Speculation is reportedly rife among Washington insiders over why, a couple of weeks ago, the Iranian authorities moved nearly all their stockpile of low-enriched uranium from its previous, deep-underground bunker to a very vulnerable-looking above-ground facility.
But here’s one possible explanation for the move that immediately occurred to me, and which was not among those listed in that article from Washington by the NYT’s David Sanger.
In moving the uranium to its new, very vulnerable position, perhaps the Iranian authorities are not so much “inviting” an Israeli attack, which is one of the possible explanations Sanger mentions (with the cynical goal that the attack might then strengthen the mullahs’ own political position inside Iran)… as calling out the political blackmail the Israelis and their supporters have been using worldwide, around the argument that “if the world’s governments don’t support much tighter sanctions on Iran, then it might be impossible to hold Israel back from attacking Iran’s nuclear stockpile.”
It seems entirely possible to me that, by trundling their stockpile up into its new position– which they did under the ever-present and watchful eyes of the IAEA inspectors who, lest we forget, have been monitoring Iran’s nuclear-tech programs from the get-go, unlike Israel’s– the Iranians may in effect be saying: “Okay, here it is. Go ahead, Israel!”
But with the aim, not as Sanger posits of quite cynically hoping that that attack take place, but of demonstrating to the world that when push comes to shove Israel does not actually dare do it.
Enlisting the aid of the relevant authorities is nearly always the best way to deal with blackmailers, in any realm of human activity. Iran undertook its move to greater physical “vulnerability” under the full protection of international legitimacy.
So does Israel dare attack now?
I very much doubt it.
And now, it can no longer so easily hide its decision not to attack behind “logistical” excuses such as “Well, it’s a very tricky thing to do, but we’re working very hard to find a way…” while its spokesmen and apologists worldwide also continuing saying, “but when we decide the time is right– which will be soon!– you’ll have to hold us back very hard and give us many additional benefits etc, plus step up those sanctions on Iran quite considerably, in order to prevent us from going ahead… ”
If this is indeed the thinking behind the Iranian move, then it looks very smart. It’s an excellent way to deflate all the rhetoric that’s been going around, internationally, to the effect that “If the Security Council members don’t adopt even more draconian sanctions against Iran, then no-one can predict what the Israelis might decide to do!”
… Your move, Israel.

Leveretts on Israeli-Iranian ‘proxy war’

Shortly after I published this post earlier today about the Spy Wars underway between the Israeli team and the pro-Iranian team, I saw this post that Flynt Leverett and Hillary Mann Leverett put up onto their bog.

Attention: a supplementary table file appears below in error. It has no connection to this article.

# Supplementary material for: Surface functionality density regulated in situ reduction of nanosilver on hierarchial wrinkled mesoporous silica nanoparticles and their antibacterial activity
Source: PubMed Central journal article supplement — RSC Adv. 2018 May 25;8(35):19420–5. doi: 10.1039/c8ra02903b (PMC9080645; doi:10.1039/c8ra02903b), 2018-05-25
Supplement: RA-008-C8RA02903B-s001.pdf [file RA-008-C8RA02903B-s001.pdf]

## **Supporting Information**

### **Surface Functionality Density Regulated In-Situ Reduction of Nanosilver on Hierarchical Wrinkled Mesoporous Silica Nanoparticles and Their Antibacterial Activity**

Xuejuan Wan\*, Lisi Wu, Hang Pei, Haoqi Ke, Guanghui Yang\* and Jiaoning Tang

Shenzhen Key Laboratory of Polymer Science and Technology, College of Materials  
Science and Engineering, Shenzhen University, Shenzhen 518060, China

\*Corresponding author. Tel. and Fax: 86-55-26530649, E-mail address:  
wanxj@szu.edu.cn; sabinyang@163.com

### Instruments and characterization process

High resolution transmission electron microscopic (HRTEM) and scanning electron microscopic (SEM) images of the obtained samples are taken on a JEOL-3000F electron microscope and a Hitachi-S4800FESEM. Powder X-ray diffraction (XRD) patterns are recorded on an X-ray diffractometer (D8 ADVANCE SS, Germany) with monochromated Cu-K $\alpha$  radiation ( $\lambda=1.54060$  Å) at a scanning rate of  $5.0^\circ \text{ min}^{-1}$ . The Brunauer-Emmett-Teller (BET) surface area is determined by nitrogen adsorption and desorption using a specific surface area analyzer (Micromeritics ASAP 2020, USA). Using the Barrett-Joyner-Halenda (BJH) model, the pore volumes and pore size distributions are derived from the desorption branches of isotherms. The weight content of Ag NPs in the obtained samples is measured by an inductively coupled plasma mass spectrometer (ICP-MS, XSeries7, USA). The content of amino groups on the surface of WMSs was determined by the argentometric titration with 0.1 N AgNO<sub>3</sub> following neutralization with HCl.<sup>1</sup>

They are just back in the US after a research visit that took them to Lebanon, Syria, and Iran.
In Damascus, they met Khaled Meshaal. But they have thus far written about the meetng only that,

    It was notable that, in our meeting with him, Mishal did not say a word about the murder of a prominent HAMAS figure, Mahmoud al-Mabhouh, in Dubai last month.

Oh well, I hope they’ll be writing a lot more, soon, from all of their destinations on the trip.

Spy Wars heat up!

The long-simmering Spy Wars between Israel on the one hand, and Iran and its allies in the Jebhat al-Mumana’a (Blocking Front) on the other, have been heating up a lot over the past couple of weeks.
Does all this accelerating string of revelations and counter-revelations indicate that the two sides are doing some deck-clearing preparatory to a military encounter that perhaps both of them now see as increasingly inevitable, or is there another explanation for what’s been happening?
Today, the security forces in heavily Hizbullah-influenced Lebanon announced that two weeks ago they arrested the latest in a long string of Lebanese citizens who have now been formally accused of (or in many cases, convicted for) involvement in the once-extensive spy network that Israel’s Mossad used to run in Lebanon.
This announcement comes hot on the heels of the revelation publicized out of Israel yesterday that a young man called Mosab Hassan Yousef, the son of a prominent Hamas leader in the West Bank who embraced Christianity a decade ago (the son, not the dad) had in fact also worked as an agent for the Shin Bet during the Second Intifada.
And all this comes, of course, as the authorities in Dubai continue to dribble out additional, extremely incriminating and well-documented details about the Mossad’s involvement in last month’s killing of Hamas operative Mahmoud al-Mabhouh in Dubai.
And then, there was Tuesday’s announcement from Tehran that the Iranian authorities had captured Abdel-Malek al-Rigi, the accused head of Jundallah, an armed opposition group that’s been active active near Iran’s border with Afghanistan. The Iranian authorities did this by forcing down into one of their southern airports a plane on which Rigi was flying to Kyrgyzstan from Dubai, just a day after Rigi allegedly met with his CIA handlers in the emirate.